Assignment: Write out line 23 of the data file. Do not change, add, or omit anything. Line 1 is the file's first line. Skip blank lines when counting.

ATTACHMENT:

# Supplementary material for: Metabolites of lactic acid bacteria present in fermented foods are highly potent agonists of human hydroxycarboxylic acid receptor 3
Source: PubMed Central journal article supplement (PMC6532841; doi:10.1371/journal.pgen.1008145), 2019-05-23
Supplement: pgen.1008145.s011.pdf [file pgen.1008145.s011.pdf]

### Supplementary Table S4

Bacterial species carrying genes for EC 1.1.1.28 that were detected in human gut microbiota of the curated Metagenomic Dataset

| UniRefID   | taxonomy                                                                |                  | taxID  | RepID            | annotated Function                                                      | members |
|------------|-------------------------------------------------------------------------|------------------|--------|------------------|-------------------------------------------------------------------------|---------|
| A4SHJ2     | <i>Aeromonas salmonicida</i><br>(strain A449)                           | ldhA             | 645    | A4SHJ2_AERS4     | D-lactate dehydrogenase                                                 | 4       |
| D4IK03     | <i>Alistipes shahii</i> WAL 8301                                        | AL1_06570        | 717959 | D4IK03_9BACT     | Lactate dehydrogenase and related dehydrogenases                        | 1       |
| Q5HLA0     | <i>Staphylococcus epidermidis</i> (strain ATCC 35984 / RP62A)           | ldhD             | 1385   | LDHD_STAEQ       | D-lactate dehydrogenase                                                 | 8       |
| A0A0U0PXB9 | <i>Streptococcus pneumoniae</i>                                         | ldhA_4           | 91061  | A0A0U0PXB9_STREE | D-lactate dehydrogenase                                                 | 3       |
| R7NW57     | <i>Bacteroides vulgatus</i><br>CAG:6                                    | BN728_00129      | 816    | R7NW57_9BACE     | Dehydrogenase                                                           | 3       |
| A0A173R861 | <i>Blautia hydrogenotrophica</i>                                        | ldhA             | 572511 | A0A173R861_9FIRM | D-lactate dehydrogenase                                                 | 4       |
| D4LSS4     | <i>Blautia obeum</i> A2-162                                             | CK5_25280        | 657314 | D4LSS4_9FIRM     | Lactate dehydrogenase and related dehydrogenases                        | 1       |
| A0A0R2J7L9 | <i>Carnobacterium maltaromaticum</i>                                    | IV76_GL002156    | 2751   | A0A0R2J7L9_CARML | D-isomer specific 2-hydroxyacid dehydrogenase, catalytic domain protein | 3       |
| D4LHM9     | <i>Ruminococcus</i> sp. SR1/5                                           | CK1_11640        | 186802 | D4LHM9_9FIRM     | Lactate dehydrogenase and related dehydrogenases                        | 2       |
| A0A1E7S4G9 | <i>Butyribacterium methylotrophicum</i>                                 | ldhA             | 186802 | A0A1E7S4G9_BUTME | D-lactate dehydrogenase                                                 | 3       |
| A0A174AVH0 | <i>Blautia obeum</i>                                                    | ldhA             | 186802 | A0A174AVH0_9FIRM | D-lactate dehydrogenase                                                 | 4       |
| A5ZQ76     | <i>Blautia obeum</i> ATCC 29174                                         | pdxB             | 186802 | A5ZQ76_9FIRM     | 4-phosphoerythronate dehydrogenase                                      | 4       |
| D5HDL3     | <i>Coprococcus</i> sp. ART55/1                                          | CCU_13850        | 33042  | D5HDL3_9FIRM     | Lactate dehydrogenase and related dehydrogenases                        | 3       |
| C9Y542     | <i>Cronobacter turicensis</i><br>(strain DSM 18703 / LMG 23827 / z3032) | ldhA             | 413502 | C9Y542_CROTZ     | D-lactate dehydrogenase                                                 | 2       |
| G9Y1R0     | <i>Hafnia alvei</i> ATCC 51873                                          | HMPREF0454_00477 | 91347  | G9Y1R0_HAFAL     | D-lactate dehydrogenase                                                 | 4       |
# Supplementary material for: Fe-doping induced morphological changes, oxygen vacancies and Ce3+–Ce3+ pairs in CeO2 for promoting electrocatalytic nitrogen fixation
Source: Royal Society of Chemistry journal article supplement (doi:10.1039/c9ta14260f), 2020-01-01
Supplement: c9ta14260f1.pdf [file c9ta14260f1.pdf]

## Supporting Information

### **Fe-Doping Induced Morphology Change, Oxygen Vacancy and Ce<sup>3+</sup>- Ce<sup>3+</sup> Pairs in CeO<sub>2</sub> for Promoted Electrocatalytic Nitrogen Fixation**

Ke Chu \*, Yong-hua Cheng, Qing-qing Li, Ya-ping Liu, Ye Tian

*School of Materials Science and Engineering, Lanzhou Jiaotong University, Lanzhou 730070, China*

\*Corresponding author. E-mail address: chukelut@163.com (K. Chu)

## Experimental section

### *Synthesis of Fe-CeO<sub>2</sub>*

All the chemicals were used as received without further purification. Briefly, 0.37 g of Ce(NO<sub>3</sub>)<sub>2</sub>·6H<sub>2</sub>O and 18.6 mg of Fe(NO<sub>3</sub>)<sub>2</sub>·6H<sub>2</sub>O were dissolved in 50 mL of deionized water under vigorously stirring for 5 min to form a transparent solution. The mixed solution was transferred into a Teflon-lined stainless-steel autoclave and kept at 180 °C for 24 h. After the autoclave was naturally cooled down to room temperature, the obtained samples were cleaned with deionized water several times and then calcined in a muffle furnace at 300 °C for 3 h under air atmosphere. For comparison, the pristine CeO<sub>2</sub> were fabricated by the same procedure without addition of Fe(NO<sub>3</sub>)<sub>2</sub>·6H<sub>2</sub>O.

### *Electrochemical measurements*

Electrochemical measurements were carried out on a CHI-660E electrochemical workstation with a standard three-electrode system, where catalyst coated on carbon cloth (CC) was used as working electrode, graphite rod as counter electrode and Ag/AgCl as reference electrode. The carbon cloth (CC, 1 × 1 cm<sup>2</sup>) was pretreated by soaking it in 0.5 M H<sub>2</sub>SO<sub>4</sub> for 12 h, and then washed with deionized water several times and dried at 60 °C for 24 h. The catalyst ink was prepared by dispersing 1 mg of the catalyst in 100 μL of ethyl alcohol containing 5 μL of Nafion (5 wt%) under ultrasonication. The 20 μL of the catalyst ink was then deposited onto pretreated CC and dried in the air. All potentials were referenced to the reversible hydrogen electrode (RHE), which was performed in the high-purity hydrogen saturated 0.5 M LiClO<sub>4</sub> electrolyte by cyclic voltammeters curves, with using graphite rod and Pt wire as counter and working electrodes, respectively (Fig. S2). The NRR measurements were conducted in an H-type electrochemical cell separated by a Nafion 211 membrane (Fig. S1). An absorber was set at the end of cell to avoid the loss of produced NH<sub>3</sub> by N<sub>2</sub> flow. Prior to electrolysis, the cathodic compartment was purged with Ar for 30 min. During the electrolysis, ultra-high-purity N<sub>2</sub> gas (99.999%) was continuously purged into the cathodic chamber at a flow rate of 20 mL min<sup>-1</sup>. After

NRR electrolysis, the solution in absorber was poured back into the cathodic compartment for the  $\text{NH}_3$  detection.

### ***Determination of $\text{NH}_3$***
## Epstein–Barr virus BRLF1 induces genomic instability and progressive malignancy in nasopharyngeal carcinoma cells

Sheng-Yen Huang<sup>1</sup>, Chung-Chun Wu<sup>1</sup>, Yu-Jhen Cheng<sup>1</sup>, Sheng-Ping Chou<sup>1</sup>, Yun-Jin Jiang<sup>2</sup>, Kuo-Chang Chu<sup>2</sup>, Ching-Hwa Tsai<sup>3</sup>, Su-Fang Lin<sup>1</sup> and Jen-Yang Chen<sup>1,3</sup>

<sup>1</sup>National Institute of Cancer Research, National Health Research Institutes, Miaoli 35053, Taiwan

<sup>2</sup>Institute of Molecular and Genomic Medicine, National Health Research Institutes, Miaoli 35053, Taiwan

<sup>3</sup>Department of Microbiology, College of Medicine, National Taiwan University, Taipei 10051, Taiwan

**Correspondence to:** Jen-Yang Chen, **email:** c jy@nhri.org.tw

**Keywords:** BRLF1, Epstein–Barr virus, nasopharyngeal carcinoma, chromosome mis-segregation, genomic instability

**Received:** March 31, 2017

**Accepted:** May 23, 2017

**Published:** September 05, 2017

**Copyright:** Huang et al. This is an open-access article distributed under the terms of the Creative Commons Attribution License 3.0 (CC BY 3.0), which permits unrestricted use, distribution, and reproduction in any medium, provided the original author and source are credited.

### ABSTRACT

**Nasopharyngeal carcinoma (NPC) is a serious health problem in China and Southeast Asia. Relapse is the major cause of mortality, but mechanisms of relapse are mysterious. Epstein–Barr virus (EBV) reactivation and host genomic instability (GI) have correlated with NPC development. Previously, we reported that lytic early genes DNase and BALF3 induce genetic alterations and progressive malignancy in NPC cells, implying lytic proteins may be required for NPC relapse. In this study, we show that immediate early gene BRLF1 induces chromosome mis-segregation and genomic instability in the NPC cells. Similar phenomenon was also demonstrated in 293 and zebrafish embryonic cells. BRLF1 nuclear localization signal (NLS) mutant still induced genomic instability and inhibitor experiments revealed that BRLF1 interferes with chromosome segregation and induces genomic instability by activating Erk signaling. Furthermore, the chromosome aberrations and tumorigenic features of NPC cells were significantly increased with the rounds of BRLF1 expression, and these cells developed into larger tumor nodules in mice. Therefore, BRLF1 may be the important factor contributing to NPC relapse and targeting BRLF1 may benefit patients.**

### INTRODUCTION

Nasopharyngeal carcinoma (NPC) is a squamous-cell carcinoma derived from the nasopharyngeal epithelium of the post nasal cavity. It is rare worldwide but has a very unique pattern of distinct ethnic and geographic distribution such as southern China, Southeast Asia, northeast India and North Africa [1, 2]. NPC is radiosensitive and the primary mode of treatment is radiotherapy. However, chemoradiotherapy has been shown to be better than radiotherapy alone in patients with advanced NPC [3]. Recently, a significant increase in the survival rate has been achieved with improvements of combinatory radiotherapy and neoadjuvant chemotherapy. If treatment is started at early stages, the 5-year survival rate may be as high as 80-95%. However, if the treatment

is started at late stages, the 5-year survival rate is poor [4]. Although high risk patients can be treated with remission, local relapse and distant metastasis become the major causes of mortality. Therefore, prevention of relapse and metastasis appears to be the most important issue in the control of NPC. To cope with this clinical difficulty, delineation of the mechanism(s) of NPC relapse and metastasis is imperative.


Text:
# Supplementary material for: Fe-doping induced morphological changes, oxygen vacancies and Ce3+–Ce3+ pairs in CeO2 for promoting electrocatalytic nitrogen fixation